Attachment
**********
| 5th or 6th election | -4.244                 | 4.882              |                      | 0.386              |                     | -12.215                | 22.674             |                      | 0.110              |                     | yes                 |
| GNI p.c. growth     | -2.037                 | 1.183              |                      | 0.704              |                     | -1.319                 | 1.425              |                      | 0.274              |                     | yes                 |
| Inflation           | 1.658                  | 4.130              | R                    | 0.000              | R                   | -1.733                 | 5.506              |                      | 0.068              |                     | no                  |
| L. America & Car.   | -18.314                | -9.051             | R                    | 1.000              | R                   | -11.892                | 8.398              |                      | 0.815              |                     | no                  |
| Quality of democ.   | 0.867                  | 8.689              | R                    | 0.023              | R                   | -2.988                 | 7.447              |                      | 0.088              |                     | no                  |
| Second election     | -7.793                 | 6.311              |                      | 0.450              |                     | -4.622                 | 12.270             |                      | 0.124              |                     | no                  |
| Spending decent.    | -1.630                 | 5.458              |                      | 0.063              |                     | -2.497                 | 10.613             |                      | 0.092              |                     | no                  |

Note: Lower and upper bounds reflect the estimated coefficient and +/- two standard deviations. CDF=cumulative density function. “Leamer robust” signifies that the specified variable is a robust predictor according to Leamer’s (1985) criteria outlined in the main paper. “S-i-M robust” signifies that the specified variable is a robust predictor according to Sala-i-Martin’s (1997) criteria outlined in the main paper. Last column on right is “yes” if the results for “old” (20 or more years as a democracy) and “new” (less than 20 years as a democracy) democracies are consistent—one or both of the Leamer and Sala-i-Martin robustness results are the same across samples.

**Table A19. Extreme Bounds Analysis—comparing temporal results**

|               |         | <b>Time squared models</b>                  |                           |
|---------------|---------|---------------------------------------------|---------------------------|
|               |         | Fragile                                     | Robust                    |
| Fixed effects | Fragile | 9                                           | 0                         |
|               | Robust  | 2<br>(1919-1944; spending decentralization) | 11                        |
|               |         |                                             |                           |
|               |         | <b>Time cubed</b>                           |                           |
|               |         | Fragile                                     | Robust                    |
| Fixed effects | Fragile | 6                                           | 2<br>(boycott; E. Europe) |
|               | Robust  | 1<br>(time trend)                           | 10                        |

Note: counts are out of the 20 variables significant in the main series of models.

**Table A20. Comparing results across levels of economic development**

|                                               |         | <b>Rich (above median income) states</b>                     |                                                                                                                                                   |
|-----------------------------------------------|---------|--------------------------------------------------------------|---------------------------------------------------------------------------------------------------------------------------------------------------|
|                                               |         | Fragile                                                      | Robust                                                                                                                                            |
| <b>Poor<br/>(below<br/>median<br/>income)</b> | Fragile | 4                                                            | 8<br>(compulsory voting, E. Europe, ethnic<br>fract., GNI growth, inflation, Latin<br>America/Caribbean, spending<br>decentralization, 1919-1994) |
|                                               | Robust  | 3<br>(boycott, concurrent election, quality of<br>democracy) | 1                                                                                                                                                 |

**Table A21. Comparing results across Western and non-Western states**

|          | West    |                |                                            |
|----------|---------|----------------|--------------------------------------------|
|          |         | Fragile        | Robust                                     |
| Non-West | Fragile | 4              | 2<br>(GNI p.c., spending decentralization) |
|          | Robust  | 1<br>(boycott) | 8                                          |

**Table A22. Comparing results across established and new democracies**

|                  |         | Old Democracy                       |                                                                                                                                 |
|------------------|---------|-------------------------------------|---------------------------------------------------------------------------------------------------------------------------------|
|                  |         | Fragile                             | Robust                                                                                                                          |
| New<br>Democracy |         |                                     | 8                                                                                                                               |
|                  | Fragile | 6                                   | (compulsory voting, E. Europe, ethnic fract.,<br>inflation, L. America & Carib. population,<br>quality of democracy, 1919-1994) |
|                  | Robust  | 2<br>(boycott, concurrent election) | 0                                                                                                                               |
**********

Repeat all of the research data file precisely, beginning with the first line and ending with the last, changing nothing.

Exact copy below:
| 5th or 6th election | -4.244                 | 4.882              |                      | 0.386              |                     | -12.215                | 22.674             |                      | 0.110              |                     | yes                 |
| GNI p.c. growth     | -2.037                 | 1.183              |                      | 0.704              |                     | -1.319                 | 1.425              |                      | 0.274              |                     | yes                 |
| Inflation           | 1.658                  | 4.130              | R                    | 0.000              | R                   | -1.733                 | 5.506              |                      | 0.068              |                     | no                  |
| L. America & Car.   | -18.314                | -9.051             | R                    | 1.000              | R                   | -11.892                | 8.398              |                      | 0.815              |                     | no                  |
| Quality of democ.   | 0.867                  | 8.689              | R                    | 0.023              | R                   | -2.988                 | 7.447              |                      | 0.088              |                     | no                  |
| Second election     | -7.793                 | 6.311              |                      | 0.450              |                     | -4.622                 | 12.270             |                      | 0.124              |                     | no                  |
| Spending decent.    | -1.630                 | 5.458              |                      | 0.063              |                     | -2.497                 | 10.613             |                      | 0.092              |                     | no                  |

Note: Lower and upper bounds reflect the estimated coefficient and +/- two standard deviations. CDF=cumulative density function. “Leamer robust” signifies that the specified variable is a robust predictor according to Leamer’s (1985) criteria outlined in the main paper. “S-i-M robust” signifies that the specified variable is a robust predictor according to Sala-i-Martin’s (1997) criteria outlined in the main paper. Last column on right is “yes” if the results for “old” (20 or more years as a democracy) and “new” (less than 20 years as a democracy) democracies are consistent—one or both of the Leamer and Sala-i-Martin robustness results are the same across samples.

**Table A19. Extreme Bounds Analysis—comparing temporal results**

|               |         | <b>Time squared models</b>                  |                           |
|---------------|---------|---------------------------------------------|---------------------------|
|               |         | Fragile                                     | Robust                    |
| Fixed effects | Fragile | 9                                           | 0                         |
|               | Robust  | 2<br>(1919-1944; spending decentralization) | 11                        |
|               |         |                                             |                           |
|               |         | <b>Time cubed</b>                           |                           |
|               |         | Fragile                                     | Robust                    |
| Fixed effects | Fragile | 6                                           | 2<br>(boycott; E. Europe) |
|               | Robust  | 1<br>(time trend)                           | 10                        |

Note: counts are out of the 20 variables significant in the main series of models.

**Table A20. Comparing results across levels of economic development**

|                                               |         | <b>Rich (above median income) states</b>                     |                                                                                                                                                   |
|-----------------------------------------------|---------|--------------------------------------------------------------|---------------------------------------------------------------------------------------------------------------------------------------------------|
|                                               |         | Fragile                                                      | Robust                                                                                                                                            |
| <b>Poor<br/>(below<br/>median<br/>income)</b> | Fragile | 4                                                            | 8<br>(compulsory voting, E. Europe, ethnic<br>fract., GNI growth, inflation, Latin<br>America/Caribbean, spending<br>decentralization, 1919-1994) |
|                                               | Robust  | 3<br>(boycott, concurrent election, quality of<br>democracy) | 1                                                                                                                                                 |

**Table A21. Comparing results across Western and non-Western states**

|          | West    |                |                                            |
|----------|---------|----------------|--------------------------------------------|
|          |         | Fragile        | Robust                                     |
| Non-West | Fragile | 4              | 2<br>(GNI p.c., spending decentralization) |
|          | Robust  | 1<br>(boycott) | 8                                          |

**Table A22. Comparing results across established and new democracies**

|                  |         | Old Democracy                       |                                                                                                                                 |
|------------------|---------|-------------------------------------|---------------------------------------------------------------------------------------------------------------------------------|
|                  |         | Fragile                             | Robust                                                                                                                          |
| New<br>Democracy |         |                                     | 8                                                                                                                               |
|                  | Fragile | 6                                   | (compulsory voting, E. Europe, ethnic fract.,<br>inflation, L. America & Carib. population,<br>quality of democracy, 1919-1994) |
|                  | Robust  | 2<br>(boycott, concurrent election) | 0                                                                                                                               |